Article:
For much of 2018, the prevailing market theme was the one Morgan Stanley dubbed “rolling bear markets” when any time a given asset was hit, whether emerging markets, Italian bonds, or tech stocks, money would simply rotate from one place to another. However, at the end of September, when rates spiked amid concerns the Fed was prepared to push rates beyond neutral, things changed overnight.
Fast forward to now when what appeared to be somewhat orderly sequential blow ups have mutated into wholesale market panics in which everything starts to go wrong at once, or as Bloomberg describes it “everywhere you look, something’s blowing up.”
In commodities, it’s the record plunge in oil. In equities, it’s six weeks of turbulence in the S&P 500. Debt markets have been rattled by the turmoil engulfing General Electric and PG&E. Bitcoin just plunged 13 percent. And Goldman Sachs, the storied investment bank, is having the worst week since 2016.
As Bloomberg correctly notes, by themselves these sudden asset air pockets would be enough to incite panic, “but have them erupt all around and even the most grizzled Wall Street types can start to sound paranoid. Does GE have something to do with Goldman? How does Bitcoin sway the stock market? Wildfires have nothing to do with crude’s convulsions, but both are bad news for banks.”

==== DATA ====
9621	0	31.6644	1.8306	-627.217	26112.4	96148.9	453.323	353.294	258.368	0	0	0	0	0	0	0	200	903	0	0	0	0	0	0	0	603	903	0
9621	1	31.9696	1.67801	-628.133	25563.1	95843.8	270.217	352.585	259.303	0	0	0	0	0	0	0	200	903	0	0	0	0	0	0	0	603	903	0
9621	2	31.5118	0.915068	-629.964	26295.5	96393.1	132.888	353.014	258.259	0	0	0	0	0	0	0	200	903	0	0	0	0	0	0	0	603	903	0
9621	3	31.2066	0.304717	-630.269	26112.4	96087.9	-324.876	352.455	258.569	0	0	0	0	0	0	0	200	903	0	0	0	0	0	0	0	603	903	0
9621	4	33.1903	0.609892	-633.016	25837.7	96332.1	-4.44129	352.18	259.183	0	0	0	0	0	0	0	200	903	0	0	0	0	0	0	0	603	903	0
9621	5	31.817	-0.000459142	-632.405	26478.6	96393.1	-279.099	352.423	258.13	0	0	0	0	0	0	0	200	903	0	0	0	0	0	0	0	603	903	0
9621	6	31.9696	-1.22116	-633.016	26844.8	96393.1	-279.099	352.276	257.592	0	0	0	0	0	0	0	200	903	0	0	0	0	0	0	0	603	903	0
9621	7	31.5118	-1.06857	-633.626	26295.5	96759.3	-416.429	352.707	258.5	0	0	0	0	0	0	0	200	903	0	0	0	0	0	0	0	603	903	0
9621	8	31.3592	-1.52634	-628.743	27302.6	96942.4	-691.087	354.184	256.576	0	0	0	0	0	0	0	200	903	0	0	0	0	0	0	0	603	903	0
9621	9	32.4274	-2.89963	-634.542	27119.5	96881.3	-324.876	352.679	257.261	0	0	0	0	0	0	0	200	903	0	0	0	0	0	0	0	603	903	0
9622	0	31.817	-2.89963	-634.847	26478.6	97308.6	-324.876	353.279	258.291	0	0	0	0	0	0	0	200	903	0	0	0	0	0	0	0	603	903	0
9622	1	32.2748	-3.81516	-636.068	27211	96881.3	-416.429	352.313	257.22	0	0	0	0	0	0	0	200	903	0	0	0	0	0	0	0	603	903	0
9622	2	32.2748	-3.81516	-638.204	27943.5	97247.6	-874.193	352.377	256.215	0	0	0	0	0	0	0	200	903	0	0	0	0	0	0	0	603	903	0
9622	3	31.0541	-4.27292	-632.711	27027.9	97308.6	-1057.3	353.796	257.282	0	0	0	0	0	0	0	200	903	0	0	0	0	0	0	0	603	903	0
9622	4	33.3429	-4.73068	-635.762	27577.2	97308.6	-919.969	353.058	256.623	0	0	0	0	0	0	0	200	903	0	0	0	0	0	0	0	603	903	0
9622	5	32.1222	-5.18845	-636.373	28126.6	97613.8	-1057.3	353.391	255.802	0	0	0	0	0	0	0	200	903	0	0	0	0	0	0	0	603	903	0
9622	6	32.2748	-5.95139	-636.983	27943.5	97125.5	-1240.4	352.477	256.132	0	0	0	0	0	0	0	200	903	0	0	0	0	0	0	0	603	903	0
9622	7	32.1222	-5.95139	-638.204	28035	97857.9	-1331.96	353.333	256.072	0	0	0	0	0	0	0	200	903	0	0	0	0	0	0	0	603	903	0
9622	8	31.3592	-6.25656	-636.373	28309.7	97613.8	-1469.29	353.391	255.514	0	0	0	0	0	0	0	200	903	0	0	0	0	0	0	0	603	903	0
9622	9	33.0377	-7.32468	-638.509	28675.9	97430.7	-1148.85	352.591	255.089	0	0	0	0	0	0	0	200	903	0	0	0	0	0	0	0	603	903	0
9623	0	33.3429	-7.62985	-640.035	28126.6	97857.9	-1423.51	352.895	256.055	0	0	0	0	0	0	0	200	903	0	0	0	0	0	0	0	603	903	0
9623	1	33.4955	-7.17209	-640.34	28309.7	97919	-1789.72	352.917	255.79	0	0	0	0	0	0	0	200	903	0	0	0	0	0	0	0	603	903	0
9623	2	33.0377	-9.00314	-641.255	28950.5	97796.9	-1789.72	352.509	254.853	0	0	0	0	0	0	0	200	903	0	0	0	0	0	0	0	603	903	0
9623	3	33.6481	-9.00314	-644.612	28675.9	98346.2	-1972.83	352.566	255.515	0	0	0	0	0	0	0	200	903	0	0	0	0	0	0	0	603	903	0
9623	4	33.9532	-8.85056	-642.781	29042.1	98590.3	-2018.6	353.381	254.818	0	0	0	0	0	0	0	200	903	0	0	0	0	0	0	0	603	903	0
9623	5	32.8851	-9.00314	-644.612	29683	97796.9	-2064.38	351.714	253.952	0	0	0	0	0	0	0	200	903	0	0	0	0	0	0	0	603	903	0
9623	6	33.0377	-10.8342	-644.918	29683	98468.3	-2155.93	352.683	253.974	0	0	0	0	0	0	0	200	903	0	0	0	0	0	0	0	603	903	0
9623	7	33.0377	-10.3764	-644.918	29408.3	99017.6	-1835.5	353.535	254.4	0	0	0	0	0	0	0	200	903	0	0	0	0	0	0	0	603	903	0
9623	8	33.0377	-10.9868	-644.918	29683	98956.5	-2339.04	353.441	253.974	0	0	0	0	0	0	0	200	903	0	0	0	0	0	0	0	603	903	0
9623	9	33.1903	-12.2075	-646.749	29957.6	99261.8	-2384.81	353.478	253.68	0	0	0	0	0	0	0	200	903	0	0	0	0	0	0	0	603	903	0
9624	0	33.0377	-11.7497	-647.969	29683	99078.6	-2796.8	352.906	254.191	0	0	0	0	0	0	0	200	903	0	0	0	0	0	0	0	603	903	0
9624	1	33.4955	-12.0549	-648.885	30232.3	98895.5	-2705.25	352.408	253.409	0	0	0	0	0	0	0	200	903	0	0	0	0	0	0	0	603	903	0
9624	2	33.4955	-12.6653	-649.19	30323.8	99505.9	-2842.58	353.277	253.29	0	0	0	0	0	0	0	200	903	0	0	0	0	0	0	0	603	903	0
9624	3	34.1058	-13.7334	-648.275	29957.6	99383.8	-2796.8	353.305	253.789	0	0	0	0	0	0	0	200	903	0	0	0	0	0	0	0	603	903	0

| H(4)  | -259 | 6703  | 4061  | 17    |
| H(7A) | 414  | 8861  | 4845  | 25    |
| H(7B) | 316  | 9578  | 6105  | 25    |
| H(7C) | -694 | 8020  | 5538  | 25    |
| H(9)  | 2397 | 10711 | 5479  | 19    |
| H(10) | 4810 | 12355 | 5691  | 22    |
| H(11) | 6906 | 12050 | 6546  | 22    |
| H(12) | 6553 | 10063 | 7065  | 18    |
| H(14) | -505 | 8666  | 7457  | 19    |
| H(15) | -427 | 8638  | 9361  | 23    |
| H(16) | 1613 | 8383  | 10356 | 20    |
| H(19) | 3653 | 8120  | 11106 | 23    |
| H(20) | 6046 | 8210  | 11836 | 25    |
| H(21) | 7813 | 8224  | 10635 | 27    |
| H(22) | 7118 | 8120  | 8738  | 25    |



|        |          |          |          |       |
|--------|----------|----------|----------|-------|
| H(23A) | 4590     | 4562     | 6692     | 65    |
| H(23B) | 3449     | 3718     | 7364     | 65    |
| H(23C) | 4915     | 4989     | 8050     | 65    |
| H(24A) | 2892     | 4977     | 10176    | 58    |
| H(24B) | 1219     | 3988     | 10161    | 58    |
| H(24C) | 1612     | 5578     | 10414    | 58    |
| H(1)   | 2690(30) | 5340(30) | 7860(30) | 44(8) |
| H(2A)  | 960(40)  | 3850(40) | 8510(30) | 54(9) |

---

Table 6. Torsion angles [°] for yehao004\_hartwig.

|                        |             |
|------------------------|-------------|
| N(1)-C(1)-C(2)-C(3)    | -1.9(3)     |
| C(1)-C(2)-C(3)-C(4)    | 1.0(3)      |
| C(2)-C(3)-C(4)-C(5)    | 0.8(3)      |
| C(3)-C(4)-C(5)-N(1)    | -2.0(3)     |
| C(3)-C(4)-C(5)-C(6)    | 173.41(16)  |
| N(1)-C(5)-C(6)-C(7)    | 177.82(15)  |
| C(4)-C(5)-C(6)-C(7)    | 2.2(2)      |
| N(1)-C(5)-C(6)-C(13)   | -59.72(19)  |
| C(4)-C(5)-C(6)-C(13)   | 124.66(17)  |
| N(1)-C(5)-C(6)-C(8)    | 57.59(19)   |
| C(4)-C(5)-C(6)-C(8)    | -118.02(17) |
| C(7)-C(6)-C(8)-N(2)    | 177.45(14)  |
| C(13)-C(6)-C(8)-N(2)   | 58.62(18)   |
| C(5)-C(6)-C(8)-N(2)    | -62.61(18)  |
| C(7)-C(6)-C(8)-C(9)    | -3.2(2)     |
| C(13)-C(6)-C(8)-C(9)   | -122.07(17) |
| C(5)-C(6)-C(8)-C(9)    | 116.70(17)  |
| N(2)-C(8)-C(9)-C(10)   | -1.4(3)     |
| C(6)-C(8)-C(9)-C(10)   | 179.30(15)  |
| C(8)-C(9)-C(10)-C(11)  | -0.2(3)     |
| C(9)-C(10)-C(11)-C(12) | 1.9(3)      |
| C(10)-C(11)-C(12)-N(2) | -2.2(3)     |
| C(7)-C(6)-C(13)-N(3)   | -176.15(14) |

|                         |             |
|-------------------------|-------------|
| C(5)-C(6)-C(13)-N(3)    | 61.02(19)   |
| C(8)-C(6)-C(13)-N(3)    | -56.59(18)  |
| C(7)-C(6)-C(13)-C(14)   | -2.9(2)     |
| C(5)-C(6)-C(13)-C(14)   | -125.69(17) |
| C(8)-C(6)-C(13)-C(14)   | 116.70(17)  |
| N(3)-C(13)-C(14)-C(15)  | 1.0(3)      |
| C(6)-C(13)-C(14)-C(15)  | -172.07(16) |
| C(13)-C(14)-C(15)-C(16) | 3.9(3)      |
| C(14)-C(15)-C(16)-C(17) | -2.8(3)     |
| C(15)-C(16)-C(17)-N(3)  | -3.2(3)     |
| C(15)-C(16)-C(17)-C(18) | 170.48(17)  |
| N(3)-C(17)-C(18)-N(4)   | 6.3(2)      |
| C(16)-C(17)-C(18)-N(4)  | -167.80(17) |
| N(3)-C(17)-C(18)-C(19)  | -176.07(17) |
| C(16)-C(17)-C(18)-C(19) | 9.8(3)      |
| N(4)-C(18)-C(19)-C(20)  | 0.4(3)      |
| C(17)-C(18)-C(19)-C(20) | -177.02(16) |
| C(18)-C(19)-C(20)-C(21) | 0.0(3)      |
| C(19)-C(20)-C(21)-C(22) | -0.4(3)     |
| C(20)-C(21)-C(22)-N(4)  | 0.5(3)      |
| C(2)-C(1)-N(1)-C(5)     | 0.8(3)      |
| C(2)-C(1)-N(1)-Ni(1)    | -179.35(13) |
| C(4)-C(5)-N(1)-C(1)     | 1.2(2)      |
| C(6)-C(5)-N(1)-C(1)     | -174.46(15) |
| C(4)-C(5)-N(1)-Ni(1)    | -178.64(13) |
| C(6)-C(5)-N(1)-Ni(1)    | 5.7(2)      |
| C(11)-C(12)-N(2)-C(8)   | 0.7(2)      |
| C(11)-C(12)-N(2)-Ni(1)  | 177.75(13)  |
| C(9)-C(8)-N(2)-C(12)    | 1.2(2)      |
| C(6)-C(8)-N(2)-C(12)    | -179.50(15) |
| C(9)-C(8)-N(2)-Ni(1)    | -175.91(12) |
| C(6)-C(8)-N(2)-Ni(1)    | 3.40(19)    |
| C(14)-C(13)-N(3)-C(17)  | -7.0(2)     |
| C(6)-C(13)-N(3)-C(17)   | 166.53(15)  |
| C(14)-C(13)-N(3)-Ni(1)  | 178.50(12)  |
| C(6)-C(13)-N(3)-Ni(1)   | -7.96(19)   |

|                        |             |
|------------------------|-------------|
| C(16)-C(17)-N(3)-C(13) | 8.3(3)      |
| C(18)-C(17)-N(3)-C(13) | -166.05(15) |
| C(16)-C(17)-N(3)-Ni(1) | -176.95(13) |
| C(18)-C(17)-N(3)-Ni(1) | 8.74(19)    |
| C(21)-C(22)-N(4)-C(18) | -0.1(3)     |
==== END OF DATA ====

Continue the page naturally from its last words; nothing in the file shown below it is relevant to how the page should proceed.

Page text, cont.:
“The risk of contagion is understood. What’s not understood is where and how connected things are,” Stewart Capital Advisors’ Malcolm Polley said by phone. “Just about anything can create panic, create contagion, and it doesn’t have to be something that makes sense.”
That bad things should congregate isn’t surprising to Donald Selkin, chief market strategist at Newbridge Securities, who sees it as a consequence of having it so good for so long. He’s waking up every night to check the futures.
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